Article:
Physical or sexual abuse during childhood can create a slew of negative health effects that show up during adulthood. Recent research uncovered some long-lasting connections between childhood trauma and the development of stress-related fibroids later in life, according to findings published in the Journal of Obstetrics and Gynecology and reported by the Grio.

For the study, researchers reviewed the health records of 9,910 black women from across the United States who participated in the Black Women’s Health Study at Boston University. Scientists found a higher incidence of fibroids among women who had experienced sexual or physical abuse during childhood, compared with those women who had not.

Fibroids are noncancerous tumors that grow in the wall of the uterus and produce a range of effects on the body. Some women feel nothing, while others experience heavy bleeding, painful sex or pregnancy complications as a result of the condition. But doctors don’t really know what actually causes these pesky lumps.

In general, black women are three times more likely to develop uterine fibroids than white women, and they are more likely to be diagnosed with them at earlier ages and with greater severity. This new research highlights childhood abuse more than race as a possible cause of the condition.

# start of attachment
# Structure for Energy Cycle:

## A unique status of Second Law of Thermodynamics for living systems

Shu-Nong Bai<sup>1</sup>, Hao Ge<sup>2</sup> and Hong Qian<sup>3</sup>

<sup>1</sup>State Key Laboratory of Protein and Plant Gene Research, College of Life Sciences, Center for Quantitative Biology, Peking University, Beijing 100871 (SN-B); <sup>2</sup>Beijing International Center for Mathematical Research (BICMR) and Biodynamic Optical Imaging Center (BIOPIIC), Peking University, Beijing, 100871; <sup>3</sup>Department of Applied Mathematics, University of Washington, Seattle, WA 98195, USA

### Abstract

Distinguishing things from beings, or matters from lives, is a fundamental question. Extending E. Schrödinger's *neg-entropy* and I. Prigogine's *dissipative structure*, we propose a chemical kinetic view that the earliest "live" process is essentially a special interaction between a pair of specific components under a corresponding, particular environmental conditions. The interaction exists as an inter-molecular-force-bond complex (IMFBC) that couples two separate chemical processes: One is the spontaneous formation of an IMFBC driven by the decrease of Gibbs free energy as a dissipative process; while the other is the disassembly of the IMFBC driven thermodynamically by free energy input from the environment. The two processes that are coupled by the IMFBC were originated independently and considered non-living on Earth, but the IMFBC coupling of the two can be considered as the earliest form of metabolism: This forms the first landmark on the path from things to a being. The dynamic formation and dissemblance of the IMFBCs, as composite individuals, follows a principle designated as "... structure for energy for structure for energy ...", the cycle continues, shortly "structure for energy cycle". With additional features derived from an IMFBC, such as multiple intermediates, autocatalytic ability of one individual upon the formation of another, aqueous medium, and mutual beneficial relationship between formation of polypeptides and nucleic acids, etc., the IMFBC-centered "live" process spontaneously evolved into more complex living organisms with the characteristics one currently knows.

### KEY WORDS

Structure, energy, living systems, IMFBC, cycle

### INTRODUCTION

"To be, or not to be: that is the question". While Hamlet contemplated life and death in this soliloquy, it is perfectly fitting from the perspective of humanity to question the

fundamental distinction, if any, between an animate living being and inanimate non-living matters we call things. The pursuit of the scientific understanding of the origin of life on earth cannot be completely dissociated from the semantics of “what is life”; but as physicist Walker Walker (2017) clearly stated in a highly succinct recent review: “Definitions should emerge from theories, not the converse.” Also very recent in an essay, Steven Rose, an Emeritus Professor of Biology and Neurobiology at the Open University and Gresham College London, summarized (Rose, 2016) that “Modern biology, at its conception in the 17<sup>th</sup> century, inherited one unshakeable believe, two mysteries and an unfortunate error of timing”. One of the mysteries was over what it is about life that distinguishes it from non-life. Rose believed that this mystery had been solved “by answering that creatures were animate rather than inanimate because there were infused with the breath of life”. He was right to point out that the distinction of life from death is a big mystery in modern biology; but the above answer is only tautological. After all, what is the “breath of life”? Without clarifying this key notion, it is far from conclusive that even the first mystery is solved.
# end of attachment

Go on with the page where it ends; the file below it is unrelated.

“Childhood sexual abuse is considered a chronic stressor because those experiences can remain with a person long after [they have] occurred,” said Amani Nuru-Jeter, MD, an associate professor at UC Berkeley’s School of Public Health. “The stress experience can repeat itself over and over until the issue is resolved.”

But not everyone who experienced childhood abuse develops these uterine tumors. Study findings showed that abused women who got support from others, such as family members, friends or counselors, were less likely to get fibroids than those who coped alone. In addition, certain coping skills were associated with inflammation in the body that could make women more susceptible to developing fibroids or other health conditions.

Similarly, other studies have linked stress with adult-onset asthma in African-American women. Click here to read more.